Each Citi Bike averages nearly 6 rides per day, more than the bike shares in Paris, London and Washington
Smoking and soda bans aside, the reshaping of New York City’s streets has been among the most controversial hallmarks of Mayor Michael Bloomberg’s three terms in office. But the bike lanes and concrete planters championed by Bloomberg were in fact the brainchild of his transportation commissioner, Janette Sadik-Khan. Along with the mayor, Sadik-Khan will leave City Hall at the end of this month, leaving behind a vast legacy of progressive transportation improvements that have altered the city’s streetscape more profoundly than any administration in at least the last 50 years. Sadik-Khan recently sat down with a handful of politicians, architects and planners at the Center for Architecture to assess six years’ worth of changes and speculate about what this city’s streets need next.
Just a few blocks from the 96th Street subway station along the 1/2/3 lines sits the abandoned 91st Street Station. It was in service since 1904 and was part of the first subway. But with a 200 foot platform, the station was retired in 1959 for similar reasons as the abandoned Worth Street and 18th Street stations. With the extension of neighboring subway stations–96th Street in this case–some stations simply became too close to each other. With one entrance to the 96th Street station just 100 feet from 93rd Street, there wasn’t much use for the 91st Street stop anymore.
Renderings of some of the improvements to the Sheridan Expressway and Bronx River Waterfront. (Image via NYCDCP)
In its current state, the Sheridan Expressway is a short truck-ridden connection between two major expressways in the Bronx, the Bruckner and the Cross Bronx, as well as the Bronx River Parkway. It remains mostly unchanged from when it was first built in 1963 (we can thank Robert Moses). Not only has it become an eyesore for the Hunts Point community which falls directly under several lanes of highway overpass, but according to a recent NYC Department of City Planning report, its surrounding areas are “congested, confusing, and unwelcoming.” The beautiful Bronx River waterfront is rendered inaccessible and newly approved plans for the Sheridan Expressway involve extending cross streets over the at-grade portions of the highway to improve east-west connections for local businesses and residents.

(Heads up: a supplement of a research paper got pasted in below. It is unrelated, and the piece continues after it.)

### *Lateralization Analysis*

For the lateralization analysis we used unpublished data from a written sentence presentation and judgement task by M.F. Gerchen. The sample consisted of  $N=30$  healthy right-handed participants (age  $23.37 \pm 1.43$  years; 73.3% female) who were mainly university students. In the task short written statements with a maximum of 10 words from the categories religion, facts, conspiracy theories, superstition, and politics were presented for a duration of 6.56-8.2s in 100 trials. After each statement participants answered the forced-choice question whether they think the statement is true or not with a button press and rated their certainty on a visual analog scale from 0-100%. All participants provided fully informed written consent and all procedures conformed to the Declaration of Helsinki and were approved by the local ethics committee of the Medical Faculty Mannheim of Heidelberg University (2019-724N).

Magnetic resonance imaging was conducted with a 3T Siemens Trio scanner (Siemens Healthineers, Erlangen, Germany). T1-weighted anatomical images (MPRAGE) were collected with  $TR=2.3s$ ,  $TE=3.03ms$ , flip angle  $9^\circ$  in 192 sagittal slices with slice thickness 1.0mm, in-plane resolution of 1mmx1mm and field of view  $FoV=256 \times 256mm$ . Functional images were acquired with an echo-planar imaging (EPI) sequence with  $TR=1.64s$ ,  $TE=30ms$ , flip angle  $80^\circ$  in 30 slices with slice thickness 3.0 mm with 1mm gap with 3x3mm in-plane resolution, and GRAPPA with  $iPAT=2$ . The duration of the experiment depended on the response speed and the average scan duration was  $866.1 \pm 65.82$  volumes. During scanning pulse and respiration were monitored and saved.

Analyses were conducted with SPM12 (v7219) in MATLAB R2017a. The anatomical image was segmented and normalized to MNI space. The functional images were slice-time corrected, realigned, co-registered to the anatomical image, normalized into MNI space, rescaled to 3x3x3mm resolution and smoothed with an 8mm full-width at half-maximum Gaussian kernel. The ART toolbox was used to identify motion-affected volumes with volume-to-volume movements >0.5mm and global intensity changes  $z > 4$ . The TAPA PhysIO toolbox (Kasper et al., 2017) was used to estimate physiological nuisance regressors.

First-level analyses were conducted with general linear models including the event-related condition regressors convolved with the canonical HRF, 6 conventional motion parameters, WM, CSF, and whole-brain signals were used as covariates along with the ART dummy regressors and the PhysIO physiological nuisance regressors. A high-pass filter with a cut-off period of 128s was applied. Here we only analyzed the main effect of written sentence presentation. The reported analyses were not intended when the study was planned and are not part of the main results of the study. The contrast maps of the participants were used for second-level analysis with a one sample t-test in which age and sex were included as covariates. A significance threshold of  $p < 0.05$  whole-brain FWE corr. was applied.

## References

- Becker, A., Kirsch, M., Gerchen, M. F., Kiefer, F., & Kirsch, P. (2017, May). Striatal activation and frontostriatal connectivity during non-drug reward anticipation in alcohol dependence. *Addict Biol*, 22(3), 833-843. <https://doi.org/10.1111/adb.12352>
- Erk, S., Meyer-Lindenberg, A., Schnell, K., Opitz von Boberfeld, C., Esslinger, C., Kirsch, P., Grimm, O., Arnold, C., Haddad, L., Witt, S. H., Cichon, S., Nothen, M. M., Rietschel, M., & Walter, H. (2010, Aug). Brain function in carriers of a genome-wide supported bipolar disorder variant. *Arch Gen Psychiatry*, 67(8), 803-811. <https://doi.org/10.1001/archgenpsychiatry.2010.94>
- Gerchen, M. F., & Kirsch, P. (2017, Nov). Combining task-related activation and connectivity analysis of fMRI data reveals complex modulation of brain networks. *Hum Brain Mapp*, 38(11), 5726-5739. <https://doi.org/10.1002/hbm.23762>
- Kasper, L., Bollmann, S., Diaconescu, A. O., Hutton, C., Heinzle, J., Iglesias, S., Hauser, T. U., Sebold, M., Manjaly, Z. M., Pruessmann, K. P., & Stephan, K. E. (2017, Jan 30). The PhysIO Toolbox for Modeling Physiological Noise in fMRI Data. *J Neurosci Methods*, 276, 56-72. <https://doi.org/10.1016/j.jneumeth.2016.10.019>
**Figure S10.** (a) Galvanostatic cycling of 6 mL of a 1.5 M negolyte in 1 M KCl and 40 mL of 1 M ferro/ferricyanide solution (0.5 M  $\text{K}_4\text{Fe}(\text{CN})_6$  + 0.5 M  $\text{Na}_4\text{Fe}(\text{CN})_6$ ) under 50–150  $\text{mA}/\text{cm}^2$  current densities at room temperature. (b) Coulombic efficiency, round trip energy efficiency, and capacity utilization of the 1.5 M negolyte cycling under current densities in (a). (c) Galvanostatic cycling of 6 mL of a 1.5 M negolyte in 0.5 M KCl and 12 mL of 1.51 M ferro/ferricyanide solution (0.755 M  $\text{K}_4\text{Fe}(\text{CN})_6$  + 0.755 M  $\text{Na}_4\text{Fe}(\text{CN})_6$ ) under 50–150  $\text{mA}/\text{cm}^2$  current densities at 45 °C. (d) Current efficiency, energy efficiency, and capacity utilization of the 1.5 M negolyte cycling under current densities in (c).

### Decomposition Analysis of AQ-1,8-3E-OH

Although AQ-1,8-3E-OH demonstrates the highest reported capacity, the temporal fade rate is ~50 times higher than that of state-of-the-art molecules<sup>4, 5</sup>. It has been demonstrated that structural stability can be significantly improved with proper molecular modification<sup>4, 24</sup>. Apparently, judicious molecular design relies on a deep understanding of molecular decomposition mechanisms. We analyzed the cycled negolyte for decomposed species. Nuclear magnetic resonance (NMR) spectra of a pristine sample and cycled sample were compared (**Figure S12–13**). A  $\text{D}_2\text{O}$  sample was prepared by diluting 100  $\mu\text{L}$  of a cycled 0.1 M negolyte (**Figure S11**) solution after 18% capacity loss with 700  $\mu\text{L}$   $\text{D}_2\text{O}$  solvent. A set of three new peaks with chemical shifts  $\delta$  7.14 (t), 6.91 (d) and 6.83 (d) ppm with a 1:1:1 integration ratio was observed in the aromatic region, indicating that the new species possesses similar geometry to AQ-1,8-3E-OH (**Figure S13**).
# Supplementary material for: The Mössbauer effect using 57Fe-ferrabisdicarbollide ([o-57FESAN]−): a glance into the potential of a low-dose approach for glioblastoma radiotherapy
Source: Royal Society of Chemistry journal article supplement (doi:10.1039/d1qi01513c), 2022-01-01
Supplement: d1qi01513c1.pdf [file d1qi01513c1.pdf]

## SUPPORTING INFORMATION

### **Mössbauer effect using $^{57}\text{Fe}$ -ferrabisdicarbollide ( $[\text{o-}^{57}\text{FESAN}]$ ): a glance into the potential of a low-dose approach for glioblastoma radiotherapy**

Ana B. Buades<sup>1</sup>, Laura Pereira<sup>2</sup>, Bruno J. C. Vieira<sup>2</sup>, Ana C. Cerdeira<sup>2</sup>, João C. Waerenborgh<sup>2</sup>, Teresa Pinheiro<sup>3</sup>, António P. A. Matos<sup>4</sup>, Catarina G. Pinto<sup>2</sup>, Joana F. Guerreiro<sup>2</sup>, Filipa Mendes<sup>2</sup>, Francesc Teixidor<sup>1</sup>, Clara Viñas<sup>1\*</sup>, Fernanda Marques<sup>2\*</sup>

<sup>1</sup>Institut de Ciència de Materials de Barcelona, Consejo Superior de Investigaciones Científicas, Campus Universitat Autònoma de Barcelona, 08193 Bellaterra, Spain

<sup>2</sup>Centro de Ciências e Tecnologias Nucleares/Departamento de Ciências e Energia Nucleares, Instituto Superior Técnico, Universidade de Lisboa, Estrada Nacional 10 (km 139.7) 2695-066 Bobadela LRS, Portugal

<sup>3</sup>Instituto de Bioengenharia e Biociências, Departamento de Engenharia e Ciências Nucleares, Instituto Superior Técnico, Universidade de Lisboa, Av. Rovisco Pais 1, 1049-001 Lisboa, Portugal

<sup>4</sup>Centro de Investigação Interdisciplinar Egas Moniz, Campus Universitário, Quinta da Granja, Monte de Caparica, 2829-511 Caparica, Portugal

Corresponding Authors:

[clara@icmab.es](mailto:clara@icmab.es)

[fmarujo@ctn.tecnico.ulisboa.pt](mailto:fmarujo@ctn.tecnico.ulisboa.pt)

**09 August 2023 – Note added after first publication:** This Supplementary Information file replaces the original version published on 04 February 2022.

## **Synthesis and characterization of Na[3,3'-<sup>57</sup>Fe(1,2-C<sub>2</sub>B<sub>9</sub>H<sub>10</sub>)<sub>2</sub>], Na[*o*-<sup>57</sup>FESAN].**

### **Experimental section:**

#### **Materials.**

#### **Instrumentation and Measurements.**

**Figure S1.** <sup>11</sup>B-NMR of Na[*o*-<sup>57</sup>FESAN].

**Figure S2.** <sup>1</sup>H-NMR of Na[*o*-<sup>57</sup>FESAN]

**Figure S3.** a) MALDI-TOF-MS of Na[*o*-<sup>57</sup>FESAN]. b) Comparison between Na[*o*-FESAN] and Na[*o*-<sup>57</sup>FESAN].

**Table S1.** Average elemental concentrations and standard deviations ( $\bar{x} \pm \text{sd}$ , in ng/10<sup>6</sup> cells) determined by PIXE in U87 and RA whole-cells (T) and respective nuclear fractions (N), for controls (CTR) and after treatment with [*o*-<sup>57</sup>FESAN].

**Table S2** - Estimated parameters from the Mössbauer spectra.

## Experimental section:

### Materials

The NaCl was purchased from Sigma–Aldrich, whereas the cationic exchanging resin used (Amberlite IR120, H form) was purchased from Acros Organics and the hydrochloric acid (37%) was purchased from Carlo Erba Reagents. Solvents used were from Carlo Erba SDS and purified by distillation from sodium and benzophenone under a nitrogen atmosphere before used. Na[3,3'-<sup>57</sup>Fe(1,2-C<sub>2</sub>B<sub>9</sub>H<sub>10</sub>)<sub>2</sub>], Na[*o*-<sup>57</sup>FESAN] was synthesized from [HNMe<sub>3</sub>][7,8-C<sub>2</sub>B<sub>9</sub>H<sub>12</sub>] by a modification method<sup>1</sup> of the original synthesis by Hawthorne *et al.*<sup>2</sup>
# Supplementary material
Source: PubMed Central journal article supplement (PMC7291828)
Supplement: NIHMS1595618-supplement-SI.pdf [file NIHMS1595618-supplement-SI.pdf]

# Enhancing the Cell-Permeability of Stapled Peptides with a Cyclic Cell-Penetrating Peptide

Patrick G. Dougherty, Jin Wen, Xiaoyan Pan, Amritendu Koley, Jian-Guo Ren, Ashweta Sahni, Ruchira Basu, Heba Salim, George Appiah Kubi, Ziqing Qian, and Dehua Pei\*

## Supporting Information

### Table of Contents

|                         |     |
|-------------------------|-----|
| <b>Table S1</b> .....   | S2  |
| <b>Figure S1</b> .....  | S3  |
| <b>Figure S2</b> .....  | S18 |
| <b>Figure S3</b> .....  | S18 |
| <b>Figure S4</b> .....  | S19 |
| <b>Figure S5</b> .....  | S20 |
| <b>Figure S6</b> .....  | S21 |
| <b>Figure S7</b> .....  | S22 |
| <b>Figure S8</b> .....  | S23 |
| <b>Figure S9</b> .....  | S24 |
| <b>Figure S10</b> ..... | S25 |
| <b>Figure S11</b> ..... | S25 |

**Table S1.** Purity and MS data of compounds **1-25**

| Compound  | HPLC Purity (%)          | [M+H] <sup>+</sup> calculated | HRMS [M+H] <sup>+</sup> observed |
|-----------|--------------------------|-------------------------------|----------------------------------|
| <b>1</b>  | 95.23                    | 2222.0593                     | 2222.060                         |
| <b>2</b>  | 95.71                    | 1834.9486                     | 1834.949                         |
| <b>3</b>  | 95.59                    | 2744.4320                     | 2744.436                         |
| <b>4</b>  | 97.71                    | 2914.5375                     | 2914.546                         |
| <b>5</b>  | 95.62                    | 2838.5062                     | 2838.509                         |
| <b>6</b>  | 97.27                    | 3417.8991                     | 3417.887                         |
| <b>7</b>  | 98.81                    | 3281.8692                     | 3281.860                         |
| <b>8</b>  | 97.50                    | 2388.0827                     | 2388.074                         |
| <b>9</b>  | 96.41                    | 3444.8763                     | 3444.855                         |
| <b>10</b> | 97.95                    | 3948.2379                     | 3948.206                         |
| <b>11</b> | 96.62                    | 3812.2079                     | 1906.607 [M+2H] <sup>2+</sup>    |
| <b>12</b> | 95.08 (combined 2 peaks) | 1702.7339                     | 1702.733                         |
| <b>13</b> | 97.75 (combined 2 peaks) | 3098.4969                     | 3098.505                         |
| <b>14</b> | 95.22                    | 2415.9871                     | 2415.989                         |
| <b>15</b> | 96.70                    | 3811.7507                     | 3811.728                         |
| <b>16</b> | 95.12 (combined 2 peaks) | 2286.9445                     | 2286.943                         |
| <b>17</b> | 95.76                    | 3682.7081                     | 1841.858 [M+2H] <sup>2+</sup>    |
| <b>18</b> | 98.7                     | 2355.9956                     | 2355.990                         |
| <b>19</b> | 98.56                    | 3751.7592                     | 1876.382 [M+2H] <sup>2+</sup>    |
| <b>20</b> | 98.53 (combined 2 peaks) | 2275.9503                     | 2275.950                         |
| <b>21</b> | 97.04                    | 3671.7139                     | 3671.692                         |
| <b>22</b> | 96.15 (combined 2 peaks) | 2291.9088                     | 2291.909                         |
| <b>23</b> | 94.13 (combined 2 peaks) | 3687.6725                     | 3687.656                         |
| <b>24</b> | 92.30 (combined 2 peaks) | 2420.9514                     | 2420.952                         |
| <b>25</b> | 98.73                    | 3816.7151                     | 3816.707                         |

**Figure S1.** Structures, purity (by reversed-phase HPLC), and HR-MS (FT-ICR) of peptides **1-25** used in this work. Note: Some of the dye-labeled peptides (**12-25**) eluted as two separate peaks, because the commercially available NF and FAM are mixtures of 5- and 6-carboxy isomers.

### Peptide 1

In case you were more curious about the subways and buses running for the MTA Nostalgia Special this month, the MTA has provided historical details about each of the vintage vehicles. The buses run along the M42 line and the trains will replace M train service between 10am and 5pm on Sundays this month. In addition, there will be avintage swing and blues party to accompany the festivities at the Second Avenue stop (F & M lines) on Sunday, December 8th which will feature music and dancing on the platform and trains.
NOSTALGIA BUS HIGHLIGHTS:
Bus No. 2969 – Manufactured by General Motors, this Model TDH 5101 was specifically designed for New York City in 1949, which featured the double-width front door to expedite the loading and unloading of customers. This bus is known as the Jackie Gleason bus, which the comedian portrayed as the bus driver “Ralph Kramden” in the classic television show “The Honeymooners.”
The Worth St station is a decommissioned subway station along the original IRT subway line in New York City between Canal Street and Brooklyn Bridge. It was closed to passengers in 1962 due to its proximity to the Brooklyn Bridge station which had extended its platform north. Once the full-sized Brooklyn Bridge station opened, Worth St became, well, worthless. For a period of time, the Brooklyn Bridge station was actually known as Brooklyn Bridge-Worth Street, but that name has long faded into obscurity.
Yesterday, just as we were publishing about the return of the MTA’s vintage “Nostalgia” trains and buses, we caught sight of the Omnibus in Midtown on 3rd Avenue with a sign “Keep Back: BUS IN TOW.” The service started yesterday along 42nd Street, so its possible the bus might need some maintenance. This exact bus (#2969) was also featured at the MTA Vintage Bus Festival and a very observant reader noted via Twitter that this is the same as type of bus Rosa Parks was on when she refused to give up her seat.